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During the icon disputes of the eighth and ninth centuries the principal institutions of iconodule support and icon veneration were the [[monastery|monasteries]]. A network of [[monk]]s came into being among the supporters of icon veneration that included [[John of Damascus]] and [[Theodore the Studite]]. Other iconodules within the Church included [[Germanus I of Constantinople]] and Pope [[Gregory III of Rome]]. Within the Byzantine nobility, the principal iconodule was the [[Empress Irene]], the mother and regent for her son Constantine VI, who ended the first iconoclastic period and convened the [[Seventh Ecumenical Council]] that confirmed icon veneration.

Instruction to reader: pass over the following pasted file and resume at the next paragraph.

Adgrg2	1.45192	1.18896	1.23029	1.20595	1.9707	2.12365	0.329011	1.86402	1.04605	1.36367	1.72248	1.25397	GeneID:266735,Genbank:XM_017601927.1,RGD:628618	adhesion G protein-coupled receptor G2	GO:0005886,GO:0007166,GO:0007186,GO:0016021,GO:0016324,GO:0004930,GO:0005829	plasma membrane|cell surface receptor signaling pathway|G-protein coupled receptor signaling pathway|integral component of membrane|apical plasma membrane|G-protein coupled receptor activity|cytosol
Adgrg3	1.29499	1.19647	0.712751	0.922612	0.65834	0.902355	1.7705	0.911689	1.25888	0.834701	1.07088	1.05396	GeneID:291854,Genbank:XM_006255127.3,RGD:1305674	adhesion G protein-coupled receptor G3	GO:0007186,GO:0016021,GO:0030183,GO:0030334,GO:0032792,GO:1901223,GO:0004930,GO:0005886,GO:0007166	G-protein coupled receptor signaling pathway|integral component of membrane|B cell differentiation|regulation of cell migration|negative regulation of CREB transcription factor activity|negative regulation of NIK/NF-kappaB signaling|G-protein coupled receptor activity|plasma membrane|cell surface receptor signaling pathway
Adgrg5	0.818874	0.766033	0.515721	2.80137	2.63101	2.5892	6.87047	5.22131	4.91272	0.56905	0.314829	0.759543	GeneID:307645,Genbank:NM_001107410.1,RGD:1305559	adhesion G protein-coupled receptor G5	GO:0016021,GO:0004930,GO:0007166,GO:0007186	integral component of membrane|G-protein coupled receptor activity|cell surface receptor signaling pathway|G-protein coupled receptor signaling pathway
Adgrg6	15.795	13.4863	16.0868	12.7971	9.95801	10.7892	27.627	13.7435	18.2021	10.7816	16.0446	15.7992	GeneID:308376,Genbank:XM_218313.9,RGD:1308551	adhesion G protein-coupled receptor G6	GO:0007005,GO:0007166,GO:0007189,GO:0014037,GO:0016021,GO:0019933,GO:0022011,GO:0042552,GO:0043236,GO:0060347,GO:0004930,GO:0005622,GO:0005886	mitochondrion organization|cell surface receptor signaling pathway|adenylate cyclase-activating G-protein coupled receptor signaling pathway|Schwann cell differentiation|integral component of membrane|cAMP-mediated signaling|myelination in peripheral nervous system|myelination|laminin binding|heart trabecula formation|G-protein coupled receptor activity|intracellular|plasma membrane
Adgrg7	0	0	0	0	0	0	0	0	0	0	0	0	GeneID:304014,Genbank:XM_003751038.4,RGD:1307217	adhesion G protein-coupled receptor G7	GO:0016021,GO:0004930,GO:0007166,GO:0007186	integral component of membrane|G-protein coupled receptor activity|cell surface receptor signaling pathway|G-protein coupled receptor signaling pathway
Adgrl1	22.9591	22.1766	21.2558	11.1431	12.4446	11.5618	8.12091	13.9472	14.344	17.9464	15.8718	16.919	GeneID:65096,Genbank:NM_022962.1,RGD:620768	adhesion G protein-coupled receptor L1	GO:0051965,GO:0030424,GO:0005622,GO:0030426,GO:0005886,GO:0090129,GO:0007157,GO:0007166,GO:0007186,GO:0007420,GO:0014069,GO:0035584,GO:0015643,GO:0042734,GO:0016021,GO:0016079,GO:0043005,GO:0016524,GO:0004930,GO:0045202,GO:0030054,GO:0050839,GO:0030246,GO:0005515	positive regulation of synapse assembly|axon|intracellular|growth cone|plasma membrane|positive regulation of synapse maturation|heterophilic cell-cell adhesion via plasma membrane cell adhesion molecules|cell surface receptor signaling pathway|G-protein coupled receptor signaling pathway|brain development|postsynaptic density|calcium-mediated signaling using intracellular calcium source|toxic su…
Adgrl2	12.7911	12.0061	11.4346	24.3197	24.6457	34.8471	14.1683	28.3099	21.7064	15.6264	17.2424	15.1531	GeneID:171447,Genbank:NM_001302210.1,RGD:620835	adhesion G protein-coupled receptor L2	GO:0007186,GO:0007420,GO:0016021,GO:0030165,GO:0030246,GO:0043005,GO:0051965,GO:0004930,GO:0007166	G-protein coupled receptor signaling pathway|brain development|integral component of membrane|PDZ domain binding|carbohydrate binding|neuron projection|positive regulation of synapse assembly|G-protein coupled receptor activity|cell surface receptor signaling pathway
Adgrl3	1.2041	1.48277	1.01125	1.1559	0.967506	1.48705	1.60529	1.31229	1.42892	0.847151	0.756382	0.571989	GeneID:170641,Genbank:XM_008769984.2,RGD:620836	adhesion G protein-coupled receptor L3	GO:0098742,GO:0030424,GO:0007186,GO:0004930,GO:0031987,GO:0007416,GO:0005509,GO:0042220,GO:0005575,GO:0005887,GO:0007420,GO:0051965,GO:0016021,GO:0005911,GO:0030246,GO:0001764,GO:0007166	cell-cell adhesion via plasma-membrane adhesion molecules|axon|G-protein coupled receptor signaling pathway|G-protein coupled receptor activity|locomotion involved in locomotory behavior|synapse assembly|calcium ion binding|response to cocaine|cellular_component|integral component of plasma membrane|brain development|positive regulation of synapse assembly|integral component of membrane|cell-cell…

The [[Empress Theodora]], who was regent for her son Theophilus, ended the second iconoclastic period in 843 which was begun by Emperor Leo V the Armenian, in 813. With Theodora success, the iconodules maintained their position under the leadership of Patriarch [[Ignastius of Constantinople]], who was [[patriarch]] from 847 to 858 and from 867 to 877. Since the time of the proclamation of 843 restoring veneration of icons, the Orthodox Church has celebrated the [[feast]] of the “Triumph of Orthodoxy” on the first Sunday of [[Lent]].
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